The change in attitude toward the November midterms is breathtaking, according to the latest poll by Pew Research. Last October when Pew asked, “If the elections were held today, would you vote for/lean toward the Republican candidate or the Democrat candidate for Congress in your district?," 49 percent of those polled favored the Democrat, while just 43 percent named the Republican. In less than six months, just 43 percent now choose the Democrat while 47 percent favor the Republican.
The shift, according to Pew, reflects dissatisfaction on a number of fronts, including the direction of the country, downbeat views on the economy, great and continuing skepticism over ObamaCare, and the president’s languishing job-approval ratings.
Forty-three percent of respondents think Republican economic policies would “do more to strengthen the economy” than the current policies of the Obama administration. When asked about the 2016 presidential election, two out of three of those polled want the new president “to pursue different policies and programs” from the Obama administration.
At present Republicans hold 233 of the 435 seats in the House and 45 of the 100 seats in the Senate. Pew says that current polling bodes ill for the Democrats, as the four-point difference is greater than at any other time in the last 20 years. In 1994 when the GOP regained control of both the House and Senate, it had just a two-point advantage in the Pew poll, while in 2010, when Republicans again gained control of the House, the Pew poll was even. According to former Virginia congressman Tom Davis (twice chairman the Republican congressional campaign committee), the four-point spread is "huge" and may be enough for the GOP to recapture the Senate while strengthening its majority in the House.
The poll shows dissatisfaction across the board. By more than two to one, participants view the economy as poor — unchanged from a year ago — while 23 percent rate their personal financial situation as poor. Another 39 percent rate their finances as “only fair” — five years into the alleged recovery from the Great Recession.
Support for ObamaCare (even after it appears to have moved past the flawed rollout and enrolled some eight million citizens in the mandate) continues to languish, with just 41 percent approving and 55 percent disapproving.
The Democrats have an uphill fight among young voters as well. According to a poll just released by Harvard University’s Institute of Politics, fewer than one in every four young people between the ages of 18 and 29 will “definitely be voting” this fall, down an astonishing 11 percent from last fall. In addition, according to that survey, "There seems to be more enthusiasm for midterm voting among traditional Republican constituencies than Democratic ones."
Buried in the press release announcing the Pew poll, however, was a bright ray of light. According to the institute’s polling director John Della,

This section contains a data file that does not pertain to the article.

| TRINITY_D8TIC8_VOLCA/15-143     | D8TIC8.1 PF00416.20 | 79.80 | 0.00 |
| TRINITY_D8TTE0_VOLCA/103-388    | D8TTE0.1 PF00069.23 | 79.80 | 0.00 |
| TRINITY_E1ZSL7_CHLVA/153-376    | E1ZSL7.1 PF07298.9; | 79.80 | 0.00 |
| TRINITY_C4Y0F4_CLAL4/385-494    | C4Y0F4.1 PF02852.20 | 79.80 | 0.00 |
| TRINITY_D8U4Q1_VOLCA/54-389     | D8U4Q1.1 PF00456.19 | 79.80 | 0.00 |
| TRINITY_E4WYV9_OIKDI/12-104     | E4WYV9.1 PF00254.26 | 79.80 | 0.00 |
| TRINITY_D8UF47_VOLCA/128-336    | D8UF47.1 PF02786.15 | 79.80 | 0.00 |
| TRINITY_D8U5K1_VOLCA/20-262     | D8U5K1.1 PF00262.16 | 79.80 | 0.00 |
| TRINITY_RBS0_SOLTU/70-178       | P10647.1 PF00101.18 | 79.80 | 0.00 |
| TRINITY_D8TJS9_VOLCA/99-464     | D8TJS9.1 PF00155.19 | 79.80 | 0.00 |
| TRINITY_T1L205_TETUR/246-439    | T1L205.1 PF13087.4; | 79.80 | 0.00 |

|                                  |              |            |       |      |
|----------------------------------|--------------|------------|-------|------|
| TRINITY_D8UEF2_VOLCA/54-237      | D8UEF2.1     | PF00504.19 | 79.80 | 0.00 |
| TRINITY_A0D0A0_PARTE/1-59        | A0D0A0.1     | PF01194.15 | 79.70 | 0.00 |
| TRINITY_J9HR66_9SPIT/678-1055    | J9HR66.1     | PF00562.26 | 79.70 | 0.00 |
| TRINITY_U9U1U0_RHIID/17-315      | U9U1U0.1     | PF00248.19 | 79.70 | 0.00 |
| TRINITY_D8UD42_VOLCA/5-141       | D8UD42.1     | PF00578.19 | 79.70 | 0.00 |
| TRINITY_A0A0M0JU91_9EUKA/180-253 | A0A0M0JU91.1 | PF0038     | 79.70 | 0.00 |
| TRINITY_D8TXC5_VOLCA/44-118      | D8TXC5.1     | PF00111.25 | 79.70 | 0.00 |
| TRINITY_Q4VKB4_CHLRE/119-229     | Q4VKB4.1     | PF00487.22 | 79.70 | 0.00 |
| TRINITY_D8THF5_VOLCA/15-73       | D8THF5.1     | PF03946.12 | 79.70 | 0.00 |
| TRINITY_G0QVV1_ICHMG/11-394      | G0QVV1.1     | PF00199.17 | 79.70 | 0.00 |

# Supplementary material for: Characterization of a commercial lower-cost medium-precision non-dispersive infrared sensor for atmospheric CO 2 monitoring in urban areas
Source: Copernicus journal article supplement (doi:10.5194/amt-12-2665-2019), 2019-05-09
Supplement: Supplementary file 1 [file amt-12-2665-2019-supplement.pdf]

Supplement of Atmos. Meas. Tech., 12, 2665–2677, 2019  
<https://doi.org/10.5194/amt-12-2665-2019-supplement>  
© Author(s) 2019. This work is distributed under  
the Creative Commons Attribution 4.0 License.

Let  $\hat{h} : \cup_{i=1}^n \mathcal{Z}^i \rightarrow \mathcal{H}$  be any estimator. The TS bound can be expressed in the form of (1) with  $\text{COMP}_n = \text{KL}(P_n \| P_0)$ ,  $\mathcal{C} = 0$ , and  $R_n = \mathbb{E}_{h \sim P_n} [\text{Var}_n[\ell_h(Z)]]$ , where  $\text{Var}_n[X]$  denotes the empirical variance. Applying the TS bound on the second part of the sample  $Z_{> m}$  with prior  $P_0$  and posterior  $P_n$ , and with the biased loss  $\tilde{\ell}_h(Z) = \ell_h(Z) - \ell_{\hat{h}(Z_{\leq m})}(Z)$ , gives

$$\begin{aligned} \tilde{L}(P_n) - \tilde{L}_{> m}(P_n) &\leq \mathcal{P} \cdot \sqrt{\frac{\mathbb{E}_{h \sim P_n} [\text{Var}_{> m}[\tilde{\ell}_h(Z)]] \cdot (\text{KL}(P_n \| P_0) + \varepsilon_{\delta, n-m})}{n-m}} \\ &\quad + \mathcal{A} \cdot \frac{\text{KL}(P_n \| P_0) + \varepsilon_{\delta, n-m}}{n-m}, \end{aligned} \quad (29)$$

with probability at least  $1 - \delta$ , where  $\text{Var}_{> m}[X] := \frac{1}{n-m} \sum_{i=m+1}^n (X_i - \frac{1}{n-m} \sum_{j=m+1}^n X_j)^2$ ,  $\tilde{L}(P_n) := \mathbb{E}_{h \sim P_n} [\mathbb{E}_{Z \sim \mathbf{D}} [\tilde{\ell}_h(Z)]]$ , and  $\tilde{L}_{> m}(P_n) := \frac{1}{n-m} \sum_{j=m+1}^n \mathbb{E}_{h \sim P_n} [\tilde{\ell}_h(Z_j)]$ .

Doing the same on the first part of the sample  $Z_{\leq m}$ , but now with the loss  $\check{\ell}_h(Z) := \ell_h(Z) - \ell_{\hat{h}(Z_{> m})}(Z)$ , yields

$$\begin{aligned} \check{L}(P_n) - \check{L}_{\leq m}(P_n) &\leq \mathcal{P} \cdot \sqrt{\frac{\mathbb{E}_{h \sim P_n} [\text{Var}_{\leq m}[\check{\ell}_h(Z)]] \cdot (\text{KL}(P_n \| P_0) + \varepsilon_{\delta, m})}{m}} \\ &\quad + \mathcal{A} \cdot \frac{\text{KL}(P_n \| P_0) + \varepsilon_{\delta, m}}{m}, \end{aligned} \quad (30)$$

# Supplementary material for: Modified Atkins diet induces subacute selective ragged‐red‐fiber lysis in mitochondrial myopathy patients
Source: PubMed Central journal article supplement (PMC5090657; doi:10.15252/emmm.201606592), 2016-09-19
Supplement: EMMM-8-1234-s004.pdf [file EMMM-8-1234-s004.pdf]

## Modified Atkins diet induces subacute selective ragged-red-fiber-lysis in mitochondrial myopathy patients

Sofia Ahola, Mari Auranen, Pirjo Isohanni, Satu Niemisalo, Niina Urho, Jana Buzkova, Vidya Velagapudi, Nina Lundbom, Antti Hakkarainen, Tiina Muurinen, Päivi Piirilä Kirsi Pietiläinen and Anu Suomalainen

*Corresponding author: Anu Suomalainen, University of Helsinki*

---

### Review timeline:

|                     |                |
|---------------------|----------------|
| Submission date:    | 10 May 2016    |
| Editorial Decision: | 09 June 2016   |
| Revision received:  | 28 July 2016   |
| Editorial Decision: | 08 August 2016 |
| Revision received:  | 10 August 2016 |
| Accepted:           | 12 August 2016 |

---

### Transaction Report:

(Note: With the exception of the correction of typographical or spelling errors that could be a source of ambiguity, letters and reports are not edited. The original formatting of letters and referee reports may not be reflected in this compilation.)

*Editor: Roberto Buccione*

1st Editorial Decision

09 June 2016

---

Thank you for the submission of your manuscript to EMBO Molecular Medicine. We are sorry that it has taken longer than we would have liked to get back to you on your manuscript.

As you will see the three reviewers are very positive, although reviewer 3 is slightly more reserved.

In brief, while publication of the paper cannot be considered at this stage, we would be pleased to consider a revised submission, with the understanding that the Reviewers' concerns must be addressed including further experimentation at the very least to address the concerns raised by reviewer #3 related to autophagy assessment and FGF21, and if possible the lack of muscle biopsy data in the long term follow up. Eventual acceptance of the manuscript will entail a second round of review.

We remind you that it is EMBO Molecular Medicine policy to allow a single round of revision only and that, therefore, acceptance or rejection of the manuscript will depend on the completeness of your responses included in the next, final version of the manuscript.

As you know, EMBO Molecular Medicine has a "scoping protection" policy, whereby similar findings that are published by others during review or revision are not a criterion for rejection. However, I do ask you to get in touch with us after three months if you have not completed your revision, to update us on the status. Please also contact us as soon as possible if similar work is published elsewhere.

It’s been clear for some time now that young people are growing more disillusioned and disconnected from Washington. There’s an erosion of trust in the individuals and institutions that make government work — and now we see the lowest level of interest in any election we’ve measured since 2000.
But then he added, "Young people still care about our country, but we will likely see more volunteerism than voting in 2014."
For decades voters have labored under the illusion that there is a substantial difference between the two political parties, and that therefore voting Republican (or Democrat) will really make a difference. But during those decades there has been precious little change in direction despite such efforts.
This was predicted long before many of the country’s present voters were even born. In 1966, an establishment professor came in from the cold to expose the machinations of what he called the Anglo-American establishment, led by the Council of Foreign Relations (CFR). From his ground-breaking revelatory book, Tragedy and Hope: A History of the World in Our Time, Georgetown University professor Carroll Quigley rocked the world with this information:
The argument that the two parties should represent opposed ideals and policies, one, perhaps, of the Right and the other of the Left, is a foolish idea acceptable only to the doctrinaire and academic thinkers.
Instead, the two parties should be almost identical, so that the American people can “throw the rascals out” at any election without leading to any profound or extreme shifts in policy….
Either party in office becomes in time corrupt, tired, unenterprising, and vigorless. Then it should be possible to replace it, every four years if necessary, by the other party, which will be none of these things but will still pursue, with new vigor, approximately the same basic policies.
Said Quigley of the CFR, "The Council of Foreign Relations is the American branch of a society which originated in England [and] believes national boundaries should be obliterated and one-world rule established."
With rare exceptions, the CFR has controlled, at the national level, the candidates of both parties. That message, however, has been slow in getting out to the voters themselves, until recently. That’s why constitutionalists are encouraged to see Pew acknowledge that, for more and more young people, becoming active locally by volunteering is better than wasting energy on national elections.
Regardless of whether the Republicans extend their present majority in the House while gaining control of the Senate in the November midterm elections, what is vastly more important is the recognition that the freedom fight is most successfully fought on the local level. That young people are recognizing this fact is the most encouraging result from the latest polls.